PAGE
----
A Radio Talk by Charles F. Kettering
Because of its dramatic appearance, the study of atomic power is likely to be regarded as very new. But actually the atomic bomb is the unexpected climax of the work of hundreds of men and women of many nationalities who have patiently been at work for the past 75 years. Here are a few highlights from the well known history.
In 1879 Sir William Crookes discovered that when high voltage electricity was sent through an evacuated glass tube a peculiar set of rays was generated. These were called "Cathode Rays."
Later, Sir J. J. Thomson of the Cavendish Laboratories at Cambridge University studied these rays and demonstrated they were particles of negative electricity which he named "Electrons," They are the lightest particles which are found in the structure of the atom.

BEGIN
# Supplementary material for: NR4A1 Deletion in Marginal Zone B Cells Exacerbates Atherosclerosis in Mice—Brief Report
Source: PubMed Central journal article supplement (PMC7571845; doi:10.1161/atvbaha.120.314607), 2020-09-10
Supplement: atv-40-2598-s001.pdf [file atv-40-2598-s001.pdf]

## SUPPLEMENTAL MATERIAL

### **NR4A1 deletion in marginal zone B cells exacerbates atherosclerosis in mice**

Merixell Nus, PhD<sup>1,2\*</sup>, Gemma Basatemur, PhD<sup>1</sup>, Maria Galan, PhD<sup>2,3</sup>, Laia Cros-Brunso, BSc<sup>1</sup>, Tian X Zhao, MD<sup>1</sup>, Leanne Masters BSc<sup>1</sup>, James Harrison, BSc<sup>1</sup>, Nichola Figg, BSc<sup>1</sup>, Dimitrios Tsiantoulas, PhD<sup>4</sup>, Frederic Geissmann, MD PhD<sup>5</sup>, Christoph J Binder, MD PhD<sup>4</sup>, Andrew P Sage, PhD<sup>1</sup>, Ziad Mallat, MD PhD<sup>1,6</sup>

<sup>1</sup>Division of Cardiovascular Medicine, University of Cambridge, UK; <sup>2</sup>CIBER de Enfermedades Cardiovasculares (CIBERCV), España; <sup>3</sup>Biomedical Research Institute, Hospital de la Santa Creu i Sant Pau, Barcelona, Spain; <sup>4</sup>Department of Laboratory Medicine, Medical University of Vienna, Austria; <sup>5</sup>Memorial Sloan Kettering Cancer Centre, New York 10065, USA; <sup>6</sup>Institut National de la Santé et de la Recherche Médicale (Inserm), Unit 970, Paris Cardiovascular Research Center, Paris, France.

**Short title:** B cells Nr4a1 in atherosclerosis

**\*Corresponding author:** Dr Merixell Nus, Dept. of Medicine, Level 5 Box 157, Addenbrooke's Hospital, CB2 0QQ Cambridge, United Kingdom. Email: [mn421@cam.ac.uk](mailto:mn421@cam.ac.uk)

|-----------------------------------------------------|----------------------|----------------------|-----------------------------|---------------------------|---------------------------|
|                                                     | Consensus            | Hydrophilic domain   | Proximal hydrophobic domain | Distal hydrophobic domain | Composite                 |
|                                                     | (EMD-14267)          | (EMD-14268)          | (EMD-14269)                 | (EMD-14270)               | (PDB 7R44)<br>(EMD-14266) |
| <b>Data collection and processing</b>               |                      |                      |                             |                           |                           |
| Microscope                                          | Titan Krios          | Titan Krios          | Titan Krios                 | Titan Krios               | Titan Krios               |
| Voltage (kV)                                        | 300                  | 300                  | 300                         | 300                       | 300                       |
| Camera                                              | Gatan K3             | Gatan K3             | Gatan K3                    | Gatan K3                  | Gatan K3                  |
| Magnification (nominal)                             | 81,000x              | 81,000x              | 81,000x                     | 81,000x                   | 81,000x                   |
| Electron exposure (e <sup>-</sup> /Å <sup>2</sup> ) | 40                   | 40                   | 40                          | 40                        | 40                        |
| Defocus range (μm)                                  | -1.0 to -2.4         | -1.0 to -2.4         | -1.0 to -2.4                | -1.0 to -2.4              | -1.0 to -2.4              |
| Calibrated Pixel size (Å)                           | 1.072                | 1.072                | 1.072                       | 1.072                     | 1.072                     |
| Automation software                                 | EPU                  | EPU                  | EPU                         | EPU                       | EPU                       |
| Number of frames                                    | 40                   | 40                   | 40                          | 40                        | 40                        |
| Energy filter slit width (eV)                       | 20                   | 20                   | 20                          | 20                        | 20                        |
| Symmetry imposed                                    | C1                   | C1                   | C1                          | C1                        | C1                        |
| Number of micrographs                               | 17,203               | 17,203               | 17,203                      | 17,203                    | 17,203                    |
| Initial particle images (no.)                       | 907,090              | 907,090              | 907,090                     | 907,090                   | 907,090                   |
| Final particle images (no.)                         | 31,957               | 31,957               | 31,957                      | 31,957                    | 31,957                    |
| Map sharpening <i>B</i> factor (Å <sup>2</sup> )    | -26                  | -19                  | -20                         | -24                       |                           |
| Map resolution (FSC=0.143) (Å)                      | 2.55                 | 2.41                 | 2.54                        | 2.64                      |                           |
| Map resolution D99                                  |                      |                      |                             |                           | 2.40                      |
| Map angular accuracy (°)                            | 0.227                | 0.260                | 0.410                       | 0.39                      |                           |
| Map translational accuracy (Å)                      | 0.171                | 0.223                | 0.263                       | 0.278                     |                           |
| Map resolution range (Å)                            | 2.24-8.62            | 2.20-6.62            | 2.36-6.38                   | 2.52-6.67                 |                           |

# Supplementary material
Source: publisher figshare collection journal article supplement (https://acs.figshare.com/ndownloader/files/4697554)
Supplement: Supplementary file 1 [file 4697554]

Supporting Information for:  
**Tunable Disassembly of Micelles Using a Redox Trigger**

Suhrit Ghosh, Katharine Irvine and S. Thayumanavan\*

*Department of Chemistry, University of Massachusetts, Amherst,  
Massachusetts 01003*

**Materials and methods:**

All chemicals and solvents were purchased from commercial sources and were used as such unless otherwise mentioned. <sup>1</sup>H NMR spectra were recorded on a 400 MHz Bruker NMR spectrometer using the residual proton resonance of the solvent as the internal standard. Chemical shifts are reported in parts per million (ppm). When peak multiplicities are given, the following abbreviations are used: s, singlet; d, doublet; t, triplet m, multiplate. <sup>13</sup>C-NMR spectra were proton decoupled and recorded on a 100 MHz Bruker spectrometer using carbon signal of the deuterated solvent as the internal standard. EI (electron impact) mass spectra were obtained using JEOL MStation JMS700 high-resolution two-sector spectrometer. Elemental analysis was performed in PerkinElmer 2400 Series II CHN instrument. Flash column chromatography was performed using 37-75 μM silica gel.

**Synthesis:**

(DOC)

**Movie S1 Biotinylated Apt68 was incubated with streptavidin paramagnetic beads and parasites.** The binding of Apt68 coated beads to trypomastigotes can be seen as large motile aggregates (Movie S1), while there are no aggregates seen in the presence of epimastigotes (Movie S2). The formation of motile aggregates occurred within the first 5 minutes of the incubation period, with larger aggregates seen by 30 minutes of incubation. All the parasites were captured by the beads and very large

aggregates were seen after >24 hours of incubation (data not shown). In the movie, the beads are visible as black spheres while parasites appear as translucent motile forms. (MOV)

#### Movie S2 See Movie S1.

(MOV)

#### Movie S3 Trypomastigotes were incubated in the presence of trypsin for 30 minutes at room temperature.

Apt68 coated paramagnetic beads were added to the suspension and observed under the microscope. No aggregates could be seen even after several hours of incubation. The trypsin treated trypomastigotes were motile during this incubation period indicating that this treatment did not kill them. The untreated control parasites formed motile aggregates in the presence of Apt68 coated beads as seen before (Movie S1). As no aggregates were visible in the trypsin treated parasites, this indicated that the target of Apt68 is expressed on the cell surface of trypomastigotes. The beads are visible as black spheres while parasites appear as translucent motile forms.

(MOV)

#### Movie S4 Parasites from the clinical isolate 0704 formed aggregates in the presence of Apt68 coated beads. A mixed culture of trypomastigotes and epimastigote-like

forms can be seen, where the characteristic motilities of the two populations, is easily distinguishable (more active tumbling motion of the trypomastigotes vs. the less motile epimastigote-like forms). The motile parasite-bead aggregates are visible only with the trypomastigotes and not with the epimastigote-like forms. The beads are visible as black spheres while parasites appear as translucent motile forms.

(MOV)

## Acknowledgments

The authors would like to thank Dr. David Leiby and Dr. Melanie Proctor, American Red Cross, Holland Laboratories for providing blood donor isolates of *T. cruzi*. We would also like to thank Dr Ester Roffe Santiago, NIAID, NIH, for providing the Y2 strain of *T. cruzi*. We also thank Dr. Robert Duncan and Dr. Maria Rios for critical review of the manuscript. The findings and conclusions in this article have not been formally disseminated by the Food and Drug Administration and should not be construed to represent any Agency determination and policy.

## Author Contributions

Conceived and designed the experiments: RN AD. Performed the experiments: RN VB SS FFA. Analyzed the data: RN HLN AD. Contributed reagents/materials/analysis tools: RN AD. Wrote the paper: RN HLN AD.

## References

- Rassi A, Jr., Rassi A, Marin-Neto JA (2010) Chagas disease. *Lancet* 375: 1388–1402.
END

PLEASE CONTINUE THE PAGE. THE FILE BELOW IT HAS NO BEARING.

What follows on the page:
In 1895 the World was startled by Roentgen's x-rays which are produced by using these electrons to bombard metal targets in a vacuum. This discovery prompted the Frenchman, Becquerel, to investigate the properties of substances which glow in the dark, In the course of his experiments he found that uranium gives off radiations similar to x-rays. These experiments started the Curies on the path that led to the discovery of radium in 1898. This opened an entirely new field in atomic research.